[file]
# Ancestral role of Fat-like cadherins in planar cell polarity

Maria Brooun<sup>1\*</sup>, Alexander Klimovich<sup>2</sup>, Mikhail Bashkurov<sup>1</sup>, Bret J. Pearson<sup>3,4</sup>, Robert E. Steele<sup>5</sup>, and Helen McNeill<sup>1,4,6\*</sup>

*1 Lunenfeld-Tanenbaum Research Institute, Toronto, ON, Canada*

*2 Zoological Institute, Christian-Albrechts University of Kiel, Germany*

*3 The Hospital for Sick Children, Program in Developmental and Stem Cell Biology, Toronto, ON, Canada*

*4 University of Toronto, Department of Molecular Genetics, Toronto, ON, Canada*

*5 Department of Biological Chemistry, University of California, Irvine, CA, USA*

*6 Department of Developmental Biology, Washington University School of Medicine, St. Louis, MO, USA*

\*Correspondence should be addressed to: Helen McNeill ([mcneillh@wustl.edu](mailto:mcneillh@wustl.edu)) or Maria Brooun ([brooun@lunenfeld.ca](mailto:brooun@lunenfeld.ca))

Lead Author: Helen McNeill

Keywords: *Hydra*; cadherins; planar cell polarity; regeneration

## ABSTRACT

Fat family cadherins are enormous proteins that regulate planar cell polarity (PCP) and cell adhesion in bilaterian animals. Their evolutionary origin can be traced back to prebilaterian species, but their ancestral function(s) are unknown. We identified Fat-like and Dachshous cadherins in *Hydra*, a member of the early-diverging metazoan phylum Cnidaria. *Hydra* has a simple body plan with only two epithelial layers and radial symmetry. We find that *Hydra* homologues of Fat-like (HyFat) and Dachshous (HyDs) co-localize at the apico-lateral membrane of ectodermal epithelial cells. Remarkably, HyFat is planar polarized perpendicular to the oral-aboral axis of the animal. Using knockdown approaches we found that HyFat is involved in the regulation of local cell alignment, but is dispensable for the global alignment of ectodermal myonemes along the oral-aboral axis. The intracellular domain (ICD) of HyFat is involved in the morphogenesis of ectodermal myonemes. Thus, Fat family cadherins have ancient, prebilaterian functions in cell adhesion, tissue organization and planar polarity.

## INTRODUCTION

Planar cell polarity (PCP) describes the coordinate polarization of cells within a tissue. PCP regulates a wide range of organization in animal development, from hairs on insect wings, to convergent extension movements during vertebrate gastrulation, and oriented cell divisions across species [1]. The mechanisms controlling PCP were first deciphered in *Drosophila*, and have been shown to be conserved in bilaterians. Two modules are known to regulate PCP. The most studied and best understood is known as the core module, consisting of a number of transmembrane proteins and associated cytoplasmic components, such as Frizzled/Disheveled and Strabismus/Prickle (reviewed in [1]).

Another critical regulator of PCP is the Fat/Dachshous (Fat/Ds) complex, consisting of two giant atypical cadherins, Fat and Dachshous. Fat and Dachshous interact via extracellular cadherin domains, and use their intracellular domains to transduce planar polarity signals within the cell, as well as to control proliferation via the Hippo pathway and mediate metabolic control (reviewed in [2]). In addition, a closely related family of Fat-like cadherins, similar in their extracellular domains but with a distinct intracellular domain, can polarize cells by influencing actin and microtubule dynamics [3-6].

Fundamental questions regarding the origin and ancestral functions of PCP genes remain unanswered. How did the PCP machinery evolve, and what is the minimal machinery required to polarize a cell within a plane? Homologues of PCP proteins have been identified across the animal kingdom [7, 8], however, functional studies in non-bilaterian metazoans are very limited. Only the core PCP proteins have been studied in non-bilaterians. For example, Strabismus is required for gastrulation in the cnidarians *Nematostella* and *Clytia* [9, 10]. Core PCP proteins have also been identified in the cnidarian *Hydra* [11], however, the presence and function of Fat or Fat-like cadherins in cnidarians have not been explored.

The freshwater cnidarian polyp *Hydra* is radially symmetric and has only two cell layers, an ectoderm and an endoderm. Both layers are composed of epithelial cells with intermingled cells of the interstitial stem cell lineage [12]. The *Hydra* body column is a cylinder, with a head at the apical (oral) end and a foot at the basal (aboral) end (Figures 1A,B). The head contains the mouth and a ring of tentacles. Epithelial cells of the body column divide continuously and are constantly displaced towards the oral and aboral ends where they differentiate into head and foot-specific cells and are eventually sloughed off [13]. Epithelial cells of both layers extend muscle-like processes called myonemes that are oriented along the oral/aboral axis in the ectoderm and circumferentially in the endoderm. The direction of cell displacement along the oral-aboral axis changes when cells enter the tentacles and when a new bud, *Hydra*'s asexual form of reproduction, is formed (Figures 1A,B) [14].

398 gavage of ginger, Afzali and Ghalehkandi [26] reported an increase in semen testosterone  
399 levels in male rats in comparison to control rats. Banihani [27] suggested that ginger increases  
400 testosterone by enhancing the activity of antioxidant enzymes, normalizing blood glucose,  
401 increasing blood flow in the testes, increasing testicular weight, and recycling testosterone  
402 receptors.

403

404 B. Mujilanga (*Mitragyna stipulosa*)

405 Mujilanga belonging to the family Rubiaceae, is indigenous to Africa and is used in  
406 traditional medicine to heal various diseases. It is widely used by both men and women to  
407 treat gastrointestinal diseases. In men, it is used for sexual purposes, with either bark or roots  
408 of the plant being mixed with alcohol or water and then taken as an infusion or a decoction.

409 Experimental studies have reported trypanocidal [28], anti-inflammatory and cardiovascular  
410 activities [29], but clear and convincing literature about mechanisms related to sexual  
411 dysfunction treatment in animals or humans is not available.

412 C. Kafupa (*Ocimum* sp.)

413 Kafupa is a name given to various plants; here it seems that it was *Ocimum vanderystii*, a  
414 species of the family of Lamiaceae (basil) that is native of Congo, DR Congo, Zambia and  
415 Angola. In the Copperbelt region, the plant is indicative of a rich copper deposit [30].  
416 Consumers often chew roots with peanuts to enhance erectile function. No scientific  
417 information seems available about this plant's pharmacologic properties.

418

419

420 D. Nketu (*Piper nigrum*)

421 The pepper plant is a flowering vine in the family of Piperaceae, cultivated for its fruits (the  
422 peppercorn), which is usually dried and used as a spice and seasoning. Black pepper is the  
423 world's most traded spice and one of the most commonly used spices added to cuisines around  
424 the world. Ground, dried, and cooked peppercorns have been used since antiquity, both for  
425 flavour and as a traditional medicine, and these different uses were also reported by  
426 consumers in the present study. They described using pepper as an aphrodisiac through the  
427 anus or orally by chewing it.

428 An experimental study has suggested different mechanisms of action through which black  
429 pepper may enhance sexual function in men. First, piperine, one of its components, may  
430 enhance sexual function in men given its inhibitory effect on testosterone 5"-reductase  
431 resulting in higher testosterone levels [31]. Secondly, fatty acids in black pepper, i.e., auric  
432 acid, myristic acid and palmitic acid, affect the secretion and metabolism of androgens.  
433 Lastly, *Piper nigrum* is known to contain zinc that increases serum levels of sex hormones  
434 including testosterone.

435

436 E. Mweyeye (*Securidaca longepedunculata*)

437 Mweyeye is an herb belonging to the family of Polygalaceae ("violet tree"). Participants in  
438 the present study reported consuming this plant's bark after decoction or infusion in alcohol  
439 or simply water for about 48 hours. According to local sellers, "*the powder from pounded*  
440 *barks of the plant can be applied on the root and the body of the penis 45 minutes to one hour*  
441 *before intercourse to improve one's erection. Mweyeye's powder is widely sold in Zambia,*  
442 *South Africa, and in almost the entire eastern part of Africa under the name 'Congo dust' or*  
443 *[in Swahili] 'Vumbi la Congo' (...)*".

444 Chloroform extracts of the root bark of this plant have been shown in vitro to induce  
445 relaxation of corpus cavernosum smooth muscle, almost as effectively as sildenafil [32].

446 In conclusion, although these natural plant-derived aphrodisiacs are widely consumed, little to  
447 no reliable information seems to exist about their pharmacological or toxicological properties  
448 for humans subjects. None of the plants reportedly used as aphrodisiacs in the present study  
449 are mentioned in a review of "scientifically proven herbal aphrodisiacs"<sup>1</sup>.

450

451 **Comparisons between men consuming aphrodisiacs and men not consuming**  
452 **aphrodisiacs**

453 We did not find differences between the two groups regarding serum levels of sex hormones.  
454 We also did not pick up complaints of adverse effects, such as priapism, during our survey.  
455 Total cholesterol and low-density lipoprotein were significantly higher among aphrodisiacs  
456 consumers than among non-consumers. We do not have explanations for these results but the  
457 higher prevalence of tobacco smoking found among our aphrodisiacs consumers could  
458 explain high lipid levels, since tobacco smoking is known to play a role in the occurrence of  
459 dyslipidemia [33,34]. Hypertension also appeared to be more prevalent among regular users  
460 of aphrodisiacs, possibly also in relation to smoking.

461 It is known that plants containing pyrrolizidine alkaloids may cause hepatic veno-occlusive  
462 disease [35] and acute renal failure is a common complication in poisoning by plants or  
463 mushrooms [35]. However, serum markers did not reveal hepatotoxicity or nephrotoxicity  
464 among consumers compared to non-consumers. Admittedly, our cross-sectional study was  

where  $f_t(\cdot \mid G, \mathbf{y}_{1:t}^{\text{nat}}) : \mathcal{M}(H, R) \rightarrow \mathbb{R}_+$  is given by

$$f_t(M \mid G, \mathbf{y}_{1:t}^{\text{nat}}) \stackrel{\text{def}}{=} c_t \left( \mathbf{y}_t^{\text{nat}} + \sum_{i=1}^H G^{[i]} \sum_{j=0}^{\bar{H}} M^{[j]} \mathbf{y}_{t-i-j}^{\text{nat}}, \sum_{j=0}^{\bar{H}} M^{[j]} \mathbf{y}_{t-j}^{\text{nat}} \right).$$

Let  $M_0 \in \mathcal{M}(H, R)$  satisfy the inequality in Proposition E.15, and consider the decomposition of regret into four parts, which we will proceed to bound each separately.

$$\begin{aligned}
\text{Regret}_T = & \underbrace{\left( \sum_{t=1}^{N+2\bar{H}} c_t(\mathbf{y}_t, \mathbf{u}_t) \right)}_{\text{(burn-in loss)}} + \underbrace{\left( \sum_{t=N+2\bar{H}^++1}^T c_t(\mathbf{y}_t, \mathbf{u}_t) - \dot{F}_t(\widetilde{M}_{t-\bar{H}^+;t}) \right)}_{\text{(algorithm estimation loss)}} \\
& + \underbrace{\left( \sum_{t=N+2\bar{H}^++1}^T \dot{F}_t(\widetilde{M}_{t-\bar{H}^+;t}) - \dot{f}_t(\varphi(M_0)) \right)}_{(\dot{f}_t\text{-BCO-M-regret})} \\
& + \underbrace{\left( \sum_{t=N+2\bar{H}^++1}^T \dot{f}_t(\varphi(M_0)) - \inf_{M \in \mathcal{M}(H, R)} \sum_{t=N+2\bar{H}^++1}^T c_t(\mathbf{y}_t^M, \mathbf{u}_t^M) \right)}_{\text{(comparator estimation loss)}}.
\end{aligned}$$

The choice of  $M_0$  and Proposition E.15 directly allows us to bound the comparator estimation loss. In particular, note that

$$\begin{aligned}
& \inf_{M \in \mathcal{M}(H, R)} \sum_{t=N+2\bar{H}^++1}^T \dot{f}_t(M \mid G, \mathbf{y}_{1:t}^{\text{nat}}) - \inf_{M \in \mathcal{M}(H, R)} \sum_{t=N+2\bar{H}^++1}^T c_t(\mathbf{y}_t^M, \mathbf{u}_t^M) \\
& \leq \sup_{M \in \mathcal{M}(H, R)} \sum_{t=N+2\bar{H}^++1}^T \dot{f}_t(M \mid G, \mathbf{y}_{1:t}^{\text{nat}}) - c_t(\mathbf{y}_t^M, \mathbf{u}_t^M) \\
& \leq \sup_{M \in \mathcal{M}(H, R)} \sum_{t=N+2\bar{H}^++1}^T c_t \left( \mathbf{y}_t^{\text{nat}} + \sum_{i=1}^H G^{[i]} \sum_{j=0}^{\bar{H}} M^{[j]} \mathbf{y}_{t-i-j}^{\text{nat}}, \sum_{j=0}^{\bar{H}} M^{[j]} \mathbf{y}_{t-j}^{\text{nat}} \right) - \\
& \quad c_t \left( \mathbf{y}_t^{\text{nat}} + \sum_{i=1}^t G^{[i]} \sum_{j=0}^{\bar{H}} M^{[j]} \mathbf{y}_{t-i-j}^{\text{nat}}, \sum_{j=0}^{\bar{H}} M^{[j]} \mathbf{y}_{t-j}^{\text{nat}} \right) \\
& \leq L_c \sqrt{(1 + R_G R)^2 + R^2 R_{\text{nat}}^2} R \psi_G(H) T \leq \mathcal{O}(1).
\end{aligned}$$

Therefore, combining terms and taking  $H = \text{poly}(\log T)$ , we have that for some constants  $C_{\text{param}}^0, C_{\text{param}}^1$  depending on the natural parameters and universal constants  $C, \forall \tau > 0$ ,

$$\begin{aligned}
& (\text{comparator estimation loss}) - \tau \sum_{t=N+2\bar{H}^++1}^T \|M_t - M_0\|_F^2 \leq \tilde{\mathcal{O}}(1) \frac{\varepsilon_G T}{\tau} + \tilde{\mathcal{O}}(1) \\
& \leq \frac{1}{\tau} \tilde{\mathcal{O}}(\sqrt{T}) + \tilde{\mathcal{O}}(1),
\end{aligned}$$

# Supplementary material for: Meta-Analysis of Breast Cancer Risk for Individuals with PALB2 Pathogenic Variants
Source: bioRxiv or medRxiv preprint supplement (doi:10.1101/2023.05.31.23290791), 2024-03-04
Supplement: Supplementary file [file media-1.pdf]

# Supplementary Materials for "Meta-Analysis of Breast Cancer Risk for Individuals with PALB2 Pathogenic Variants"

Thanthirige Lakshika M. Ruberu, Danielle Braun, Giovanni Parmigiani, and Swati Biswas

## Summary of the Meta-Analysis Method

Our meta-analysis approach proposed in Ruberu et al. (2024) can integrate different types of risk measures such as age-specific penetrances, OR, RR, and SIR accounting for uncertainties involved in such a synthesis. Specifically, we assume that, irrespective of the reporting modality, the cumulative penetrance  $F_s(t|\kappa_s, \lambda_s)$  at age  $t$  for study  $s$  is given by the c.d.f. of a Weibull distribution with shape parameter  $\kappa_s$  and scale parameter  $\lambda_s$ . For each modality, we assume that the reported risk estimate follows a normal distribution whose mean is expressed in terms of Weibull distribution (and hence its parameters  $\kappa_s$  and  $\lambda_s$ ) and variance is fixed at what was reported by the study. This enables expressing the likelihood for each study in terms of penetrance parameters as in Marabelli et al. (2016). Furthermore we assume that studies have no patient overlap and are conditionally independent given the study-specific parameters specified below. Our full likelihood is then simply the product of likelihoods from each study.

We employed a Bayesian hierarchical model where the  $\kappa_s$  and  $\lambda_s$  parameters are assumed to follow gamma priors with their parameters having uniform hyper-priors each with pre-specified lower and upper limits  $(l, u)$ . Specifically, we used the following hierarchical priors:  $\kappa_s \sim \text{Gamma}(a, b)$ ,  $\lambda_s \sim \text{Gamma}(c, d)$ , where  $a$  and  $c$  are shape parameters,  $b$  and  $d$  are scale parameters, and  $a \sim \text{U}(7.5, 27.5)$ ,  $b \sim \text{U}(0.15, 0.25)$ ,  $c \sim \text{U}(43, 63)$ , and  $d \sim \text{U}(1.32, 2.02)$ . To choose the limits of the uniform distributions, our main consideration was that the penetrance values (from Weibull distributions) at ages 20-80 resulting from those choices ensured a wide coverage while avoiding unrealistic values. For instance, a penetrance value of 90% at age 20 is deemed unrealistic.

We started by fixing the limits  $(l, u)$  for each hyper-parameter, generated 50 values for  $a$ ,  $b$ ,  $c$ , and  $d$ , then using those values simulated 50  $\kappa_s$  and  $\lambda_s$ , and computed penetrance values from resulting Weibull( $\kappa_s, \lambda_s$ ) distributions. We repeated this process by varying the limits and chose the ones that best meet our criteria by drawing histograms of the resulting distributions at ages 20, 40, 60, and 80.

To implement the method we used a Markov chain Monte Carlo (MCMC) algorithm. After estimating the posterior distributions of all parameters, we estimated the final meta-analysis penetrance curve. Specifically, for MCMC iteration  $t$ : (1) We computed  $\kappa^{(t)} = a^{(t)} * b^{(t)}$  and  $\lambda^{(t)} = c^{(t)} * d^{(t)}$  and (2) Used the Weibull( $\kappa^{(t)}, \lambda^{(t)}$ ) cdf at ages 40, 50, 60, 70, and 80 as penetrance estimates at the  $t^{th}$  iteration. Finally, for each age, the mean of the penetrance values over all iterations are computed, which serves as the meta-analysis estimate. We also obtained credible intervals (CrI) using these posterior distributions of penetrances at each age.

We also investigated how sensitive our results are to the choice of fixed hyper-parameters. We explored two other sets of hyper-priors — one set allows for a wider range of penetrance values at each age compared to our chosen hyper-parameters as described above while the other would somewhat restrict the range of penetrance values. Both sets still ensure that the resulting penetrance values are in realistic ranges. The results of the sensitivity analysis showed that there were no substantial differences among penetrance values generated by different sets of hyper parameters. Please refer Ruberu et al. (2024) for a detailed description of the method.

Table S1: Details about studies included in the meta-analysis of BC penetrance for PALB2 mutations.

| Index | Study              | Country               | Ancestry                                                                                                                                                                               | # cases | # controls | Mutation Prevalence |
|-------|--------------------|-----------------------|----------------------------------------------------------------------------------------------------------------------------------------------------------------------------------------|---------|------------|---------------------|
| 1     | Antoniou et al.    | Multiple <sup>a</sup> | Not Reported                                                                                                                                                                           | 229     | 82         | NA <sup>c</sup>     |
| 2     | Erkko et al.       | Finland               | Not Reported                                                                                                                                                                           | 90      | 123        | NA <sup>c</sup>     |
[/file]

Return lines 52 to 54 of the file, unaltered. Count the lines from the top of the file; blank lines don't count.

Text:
431 resulting in higher testosterone levels [31]. Secondly, fatty acids in black pepper, i.e., auric  
432 acid, myristic acid and palmitic acid, affect the secretion and metabolism of androgens.  
433 Lastly, *Piper nigrum* is known to contain zinc that increases serum levels of sex hormones  